Obama is set to win the majority of pledged delegates tonight but won't claim victory.

Obama is set to win the majority of pledged delegates tonight but won't claim victory.

Obama is set to win the majority of pledged delegates tonight but won't claim victory.

A summary of what's in the major U.S. newspapers.
May 20 2008 6:32 AM

Walk the Line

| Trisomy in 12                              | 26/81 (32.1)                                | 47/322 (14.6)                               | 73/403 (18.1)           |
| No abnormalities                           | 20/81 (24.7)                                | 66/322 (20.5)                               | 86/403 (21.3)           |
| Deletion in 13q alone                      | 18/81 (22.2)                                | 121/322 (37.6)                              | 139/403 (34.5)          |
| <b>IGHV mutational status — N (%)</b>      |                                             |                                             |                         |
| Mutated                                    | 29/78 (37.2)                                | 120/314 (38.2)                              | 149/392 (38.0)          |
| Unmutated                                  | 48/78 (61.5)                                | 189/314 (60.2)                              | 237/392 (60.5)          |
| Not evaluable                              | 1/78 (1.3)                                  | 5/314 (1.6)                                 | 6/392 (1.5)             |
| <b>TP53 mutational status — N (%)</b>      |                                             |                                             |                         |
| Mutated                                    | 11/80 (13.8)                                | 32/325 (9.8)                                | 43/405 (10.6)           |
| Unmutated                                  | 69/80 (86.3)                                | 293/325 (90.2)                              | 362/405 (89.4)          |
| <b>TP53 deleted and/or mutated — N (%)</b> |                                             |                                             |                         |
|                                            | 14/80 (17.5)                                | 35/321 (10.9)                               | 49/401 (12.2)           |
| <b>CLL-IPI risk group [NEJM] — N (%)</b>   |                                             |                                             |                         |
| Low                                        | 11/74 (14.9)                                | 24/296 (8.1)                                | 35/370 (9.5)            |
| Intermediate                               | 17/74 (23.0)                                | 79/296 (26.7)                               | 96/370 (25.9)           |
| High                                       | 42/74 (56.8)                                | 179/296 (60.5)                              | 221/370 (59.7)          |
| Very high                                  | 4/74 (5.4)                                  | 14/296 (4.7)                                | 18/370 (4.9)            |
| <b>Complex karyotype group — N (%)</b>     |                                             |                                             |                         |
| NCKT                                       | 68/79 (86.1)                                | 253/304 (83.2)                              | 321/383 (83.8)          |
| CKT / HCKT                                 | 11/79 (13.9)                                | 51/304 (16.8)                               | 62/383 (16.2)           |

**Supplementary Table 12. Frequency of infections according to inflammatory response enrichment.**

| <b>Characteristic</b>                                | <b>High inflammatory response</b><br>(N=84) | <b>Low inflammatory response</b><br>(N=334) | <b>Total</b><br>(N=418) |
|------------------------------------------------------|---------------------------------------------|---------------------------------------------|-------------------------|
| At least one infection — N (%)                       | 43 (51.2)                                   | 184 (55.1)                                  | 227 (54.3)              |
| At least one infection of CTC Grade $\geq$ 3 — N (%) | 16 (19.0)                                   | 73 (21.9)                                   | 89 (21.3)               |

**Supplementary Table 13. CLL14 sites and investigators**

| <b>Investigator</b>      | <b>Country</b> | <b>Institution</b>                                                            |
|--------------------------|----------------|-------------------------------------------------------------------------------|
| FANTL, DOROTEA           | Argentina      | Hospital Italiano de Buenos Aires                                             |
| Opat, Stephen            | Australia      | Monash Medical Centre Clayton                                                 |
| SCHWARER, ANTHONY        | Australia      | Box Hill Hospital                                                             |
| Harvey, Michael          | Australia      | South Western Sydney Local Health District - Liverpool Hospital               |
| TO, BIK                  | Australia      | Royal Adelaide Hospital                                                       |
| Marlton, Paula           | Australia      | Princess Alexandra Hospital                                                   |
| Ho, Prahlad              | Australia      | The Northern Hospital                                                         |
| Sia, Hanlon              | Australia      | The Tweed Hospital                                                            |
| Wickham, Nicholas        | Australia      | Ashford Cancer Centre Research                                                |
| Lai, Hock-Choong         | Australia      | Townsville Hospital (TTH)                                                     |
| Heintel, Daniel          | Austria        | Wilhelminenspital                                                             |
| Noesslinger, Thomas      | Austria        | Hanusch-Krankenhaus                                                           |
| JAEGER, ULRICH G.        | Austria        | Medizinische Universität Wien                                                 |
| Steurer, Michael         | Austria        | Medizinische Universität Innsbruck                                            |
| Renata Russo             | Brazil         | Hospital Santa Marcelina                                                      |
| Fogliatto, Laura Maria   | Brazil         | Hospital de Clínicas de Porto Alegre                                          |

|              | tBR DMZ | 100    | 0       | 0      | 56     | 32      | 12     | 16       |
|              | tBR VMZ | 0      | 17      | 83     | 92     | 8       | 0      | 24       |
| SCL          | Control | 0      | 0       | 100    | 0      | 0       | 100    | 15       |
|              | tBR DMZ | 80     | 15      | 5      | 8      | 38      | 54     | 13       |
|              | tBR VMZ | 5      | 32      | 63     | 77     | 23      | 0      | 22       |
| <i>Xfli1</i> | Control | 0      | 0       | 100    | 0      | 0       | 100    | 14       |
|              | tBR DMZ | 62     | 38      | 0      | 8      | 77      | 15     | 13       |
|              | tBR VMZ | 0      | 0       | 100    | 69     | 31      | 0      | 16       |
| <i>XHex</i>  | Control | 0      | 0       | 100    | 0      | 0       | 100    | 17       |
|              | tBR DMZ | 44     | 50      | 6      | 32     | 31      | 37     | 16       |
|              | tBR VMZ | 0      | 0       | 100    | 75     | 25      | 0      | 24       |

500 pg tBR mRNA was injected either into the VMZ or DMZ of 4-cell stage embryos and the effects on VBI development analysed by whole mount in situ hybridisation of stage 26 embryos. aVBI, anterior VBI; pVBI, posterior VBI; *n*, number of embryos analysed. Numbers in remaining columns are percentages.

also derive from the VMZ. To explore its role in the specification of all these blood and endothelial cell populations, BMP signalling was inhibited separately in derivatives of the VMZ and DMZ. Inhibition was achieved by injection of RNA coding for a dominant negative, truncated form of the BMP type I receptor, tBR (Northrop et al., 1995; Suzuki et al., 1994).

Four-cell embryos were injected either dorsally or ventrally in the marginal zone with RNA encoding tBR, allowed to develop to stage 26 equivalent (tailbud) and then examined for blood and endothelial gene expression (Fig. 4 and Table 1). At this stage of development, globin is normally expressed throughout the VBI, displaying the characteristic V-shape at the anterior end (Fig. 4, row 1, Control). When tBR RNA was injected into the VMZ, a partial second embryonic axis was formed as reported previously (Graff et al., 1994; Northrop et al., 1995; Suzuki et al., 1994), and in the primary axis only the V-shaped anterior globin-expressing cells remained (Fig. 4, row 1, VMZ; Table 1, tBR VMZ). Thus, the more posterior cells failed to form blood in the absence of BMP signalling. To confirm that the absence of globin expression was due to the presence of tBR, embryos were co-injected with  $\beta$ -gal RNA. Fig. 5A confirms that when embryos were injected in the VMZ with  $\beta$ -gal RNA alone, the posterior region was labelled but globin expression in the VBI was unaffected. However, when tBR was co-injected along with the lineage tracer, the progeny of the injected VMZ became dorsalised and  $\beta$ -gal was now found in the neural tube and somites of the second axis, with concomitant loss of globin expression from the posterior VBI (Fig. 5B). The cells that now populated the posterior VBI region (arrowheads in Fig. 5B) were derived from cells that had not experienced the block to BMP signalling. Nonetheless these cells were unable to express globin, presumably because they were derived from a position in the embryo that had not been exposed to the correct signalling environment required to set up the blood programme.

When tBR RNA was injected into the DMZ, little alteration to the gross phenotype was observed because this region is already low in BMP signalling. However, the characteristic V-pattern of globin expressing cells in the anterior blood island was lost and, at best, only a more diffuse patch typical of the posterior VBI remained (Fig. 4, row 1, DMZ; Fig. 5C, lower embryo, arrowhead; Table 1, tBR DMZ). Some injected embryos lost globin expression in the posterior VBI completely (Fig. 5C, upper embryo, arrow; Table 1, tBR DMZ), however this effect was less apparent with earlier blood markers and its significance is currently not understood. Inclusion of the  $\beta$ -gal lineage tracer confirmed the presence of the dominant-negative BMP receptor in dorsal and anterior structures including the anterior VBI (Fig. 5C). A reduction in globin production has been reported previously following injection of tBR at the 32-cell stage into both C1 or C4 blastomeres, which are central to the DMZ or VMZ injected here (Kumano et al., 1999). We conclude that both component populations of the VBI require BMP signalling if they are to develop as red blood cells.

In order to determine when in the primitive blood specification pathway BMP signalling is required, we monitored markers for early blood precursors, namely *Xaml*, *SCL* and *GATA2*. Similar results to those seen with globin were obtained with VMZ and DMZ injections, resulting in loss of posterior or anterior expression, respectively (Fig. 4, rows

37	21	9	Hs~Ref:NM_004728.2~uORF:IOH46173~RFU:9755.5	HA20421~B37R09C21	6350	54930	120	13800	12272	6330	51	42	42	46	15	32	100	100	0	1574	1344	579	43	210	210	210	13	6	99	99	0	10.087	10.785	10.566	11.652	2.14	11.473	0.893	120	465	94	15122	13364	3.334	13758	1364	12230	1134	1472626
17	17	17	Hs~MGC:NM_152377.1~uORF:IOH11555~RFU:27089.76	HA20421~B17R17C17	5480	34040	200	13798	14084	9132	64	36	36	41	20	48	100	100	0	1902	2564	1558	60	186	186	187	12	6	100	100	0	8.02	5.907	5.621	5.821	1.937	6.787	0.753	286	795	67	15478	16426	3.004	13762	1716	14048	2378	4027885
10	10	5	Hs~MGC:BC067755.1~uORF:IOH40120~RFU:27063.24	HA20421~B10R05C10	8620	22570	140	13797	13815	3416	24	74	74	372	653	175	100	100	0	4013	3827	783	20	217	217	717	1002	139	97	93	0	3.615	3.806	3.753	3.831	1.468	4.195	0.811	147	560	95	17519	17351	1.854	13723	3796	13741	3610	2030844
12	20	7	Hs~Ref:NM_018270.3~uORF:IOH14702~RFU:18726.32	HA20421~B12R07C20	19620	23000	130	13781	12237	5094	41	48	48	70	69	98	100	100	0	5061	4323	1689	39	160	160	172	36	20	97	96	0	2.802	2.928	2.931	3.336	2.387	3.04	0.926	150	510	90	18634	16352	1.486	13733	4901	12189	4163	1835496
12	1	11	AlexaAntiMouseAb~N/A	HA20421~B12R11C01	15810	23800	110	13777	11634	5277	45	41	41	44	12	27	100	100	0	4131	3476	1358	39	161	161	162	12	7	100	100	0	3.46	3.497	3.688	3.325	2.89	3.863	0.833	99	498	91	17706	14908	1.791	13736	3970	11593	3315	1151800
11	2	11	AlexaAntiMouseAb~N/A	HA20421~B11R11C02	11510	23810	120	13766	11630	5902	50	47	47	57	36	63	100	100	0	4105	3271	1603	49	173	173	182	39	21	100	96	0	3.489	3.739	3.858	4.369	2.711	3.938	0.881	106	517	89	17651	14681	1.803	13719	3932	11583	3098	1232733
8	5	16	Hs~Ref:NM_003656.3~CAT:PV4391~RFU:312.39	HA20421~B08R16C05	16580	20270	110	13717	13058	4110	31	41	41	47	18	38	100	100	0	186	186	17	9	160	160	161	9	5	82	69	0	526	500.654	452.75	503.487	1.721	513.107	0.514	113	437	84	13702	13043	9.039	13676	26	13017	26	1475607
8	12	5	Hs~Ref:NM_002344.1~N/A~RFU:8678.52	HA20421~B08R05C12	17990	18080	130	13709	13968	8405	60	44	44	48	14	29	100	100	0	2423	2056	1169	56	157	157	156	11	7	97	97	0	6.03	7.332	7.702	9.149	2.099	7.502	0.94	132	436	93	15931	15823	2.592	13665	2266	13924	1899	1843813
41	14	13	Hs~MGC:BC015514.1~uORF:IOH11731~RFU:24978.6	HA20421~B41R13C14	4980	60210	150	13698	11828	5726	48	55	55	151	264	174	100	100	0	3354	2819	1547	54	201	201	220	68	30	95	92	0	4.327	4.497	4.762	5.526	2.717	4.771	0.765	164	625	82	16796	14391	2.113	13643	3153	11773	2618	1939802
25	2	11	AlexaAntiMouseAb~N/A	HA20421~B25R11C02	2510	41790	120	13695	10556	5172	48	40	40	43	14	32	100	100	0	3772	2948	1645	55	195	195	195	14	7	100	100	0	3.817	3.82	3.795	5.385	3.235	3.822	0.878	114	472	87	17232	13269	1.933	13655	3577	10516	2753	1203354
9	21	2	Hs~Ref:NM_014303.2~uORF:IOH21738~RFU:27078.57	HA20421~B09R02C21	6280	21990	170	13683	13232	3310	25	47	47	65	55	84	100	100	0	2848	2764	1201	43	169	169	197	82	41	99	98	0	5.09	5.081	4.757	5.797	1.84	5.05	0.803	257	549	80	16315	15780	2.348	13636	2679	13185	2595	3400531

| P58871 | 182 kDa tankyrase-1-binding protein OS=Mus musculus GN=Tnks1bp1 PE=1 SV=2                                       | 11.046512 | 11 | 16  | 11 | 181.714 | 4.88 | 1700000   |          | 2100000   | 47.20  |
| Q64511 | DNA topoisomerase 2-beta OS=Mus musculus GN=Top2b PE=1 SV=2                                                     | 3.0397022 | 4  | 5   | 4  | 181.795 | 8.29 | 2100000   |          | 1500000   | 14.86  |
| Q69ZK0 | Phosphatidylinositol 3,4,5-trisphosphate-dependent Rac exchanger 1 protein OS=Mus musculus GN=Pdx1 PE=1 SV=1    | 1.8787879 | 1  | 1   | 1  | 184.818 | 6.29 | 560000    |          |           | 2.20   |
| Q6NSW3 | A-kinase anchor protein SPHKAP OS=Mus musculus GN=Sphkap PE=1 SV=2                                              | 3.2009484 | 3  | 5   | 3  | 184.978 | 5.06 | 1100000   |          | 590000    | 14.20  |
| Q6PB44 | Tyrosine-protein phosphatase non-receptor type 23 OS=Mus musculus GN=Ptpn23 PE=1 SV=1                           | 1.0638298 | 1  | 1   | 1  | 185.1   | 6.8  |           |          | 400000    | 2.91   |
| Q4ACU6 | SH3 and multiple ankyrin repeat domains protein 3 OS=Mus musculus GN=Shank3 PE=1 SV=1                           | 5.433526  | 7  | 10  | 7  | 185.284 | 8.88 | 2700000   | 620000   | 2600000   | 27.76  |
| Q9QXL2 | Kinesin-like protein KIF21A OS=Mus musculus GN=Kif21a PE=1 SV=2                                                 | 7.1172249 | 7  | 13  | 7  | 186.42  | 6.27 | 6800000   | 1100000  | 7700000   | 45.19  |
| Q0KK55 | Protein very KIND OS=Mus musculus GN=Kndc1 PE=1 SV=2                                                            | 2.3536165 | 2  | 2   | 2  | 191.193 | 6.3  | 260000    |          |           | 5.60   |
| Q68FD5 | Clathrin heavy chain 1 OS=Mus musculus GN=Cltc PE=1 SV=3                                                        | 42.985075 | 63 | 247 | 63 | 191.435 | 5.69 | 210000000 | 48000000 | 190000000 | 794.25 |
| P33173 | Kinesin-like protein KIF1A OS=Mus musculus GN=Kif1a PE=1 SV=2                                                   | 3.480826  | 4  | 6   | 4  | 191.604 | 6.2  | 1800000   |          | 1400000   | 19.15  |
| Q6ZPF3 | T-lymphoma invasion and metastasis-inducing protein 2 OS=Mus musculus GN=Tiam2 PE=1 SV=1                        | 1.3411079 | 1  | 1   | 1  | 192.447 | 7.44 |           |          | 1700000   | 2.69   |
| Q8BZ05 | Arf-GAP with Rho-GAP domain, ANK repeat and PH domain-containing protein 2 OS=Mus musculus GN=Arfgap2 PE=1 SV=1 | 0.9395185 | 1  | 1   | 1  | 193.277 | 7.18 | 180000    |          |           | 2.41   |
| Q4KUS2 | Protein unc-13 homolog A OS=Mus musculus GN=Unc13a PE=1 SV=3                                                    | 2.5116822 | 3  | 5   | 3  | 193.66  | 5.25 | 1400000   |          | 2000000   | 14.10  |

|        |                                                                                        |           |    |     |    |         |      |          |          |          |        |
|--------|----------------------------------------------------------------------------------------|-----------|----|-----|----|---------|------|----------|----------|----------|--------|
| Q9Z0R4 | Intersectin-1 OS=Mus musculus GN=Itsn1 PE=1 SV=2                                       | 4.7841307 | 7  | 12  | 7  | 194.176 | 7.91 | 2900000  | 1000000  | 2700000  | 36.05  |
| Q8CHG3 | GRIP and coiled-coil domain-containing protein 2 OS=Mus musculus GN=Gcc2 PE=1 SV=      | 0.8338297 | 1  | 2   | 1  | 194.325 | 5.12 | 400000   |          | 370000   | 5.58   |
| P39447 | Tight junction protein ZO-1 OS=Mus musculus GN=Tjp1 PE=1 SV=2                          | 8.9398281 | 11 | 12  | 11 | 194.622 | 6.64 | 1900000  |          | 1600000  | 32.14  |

USA Today leads with word that only one in five detainees currently being held by the U.S. military in Iraq are members of al-Qaida or Shiite extremist groups. As a result, U.S. officials have stepped up efforts to separate extremists from the regular detainee population so they can rehabilitate and release those that aren't deemed to be a security risk. In the past 10 months, the military has released 8,000 prisoners and there's been a recidivism rate of less than 1 percent. The Wall Street Journal leads its world-wide newsbox with Senate leaders announcing that they've reached a deal on legislation to help struggling homeowners. The plan would allow the government to commit up to $300 billion to insure refinanced loans as well as overhaul the oversight of Fannie Mae and Freddie Mac, which was a Republican priority. Hurdles remain, but there are signs the president won't veto the bill, particularly since taxpayers won't have to foot the bill.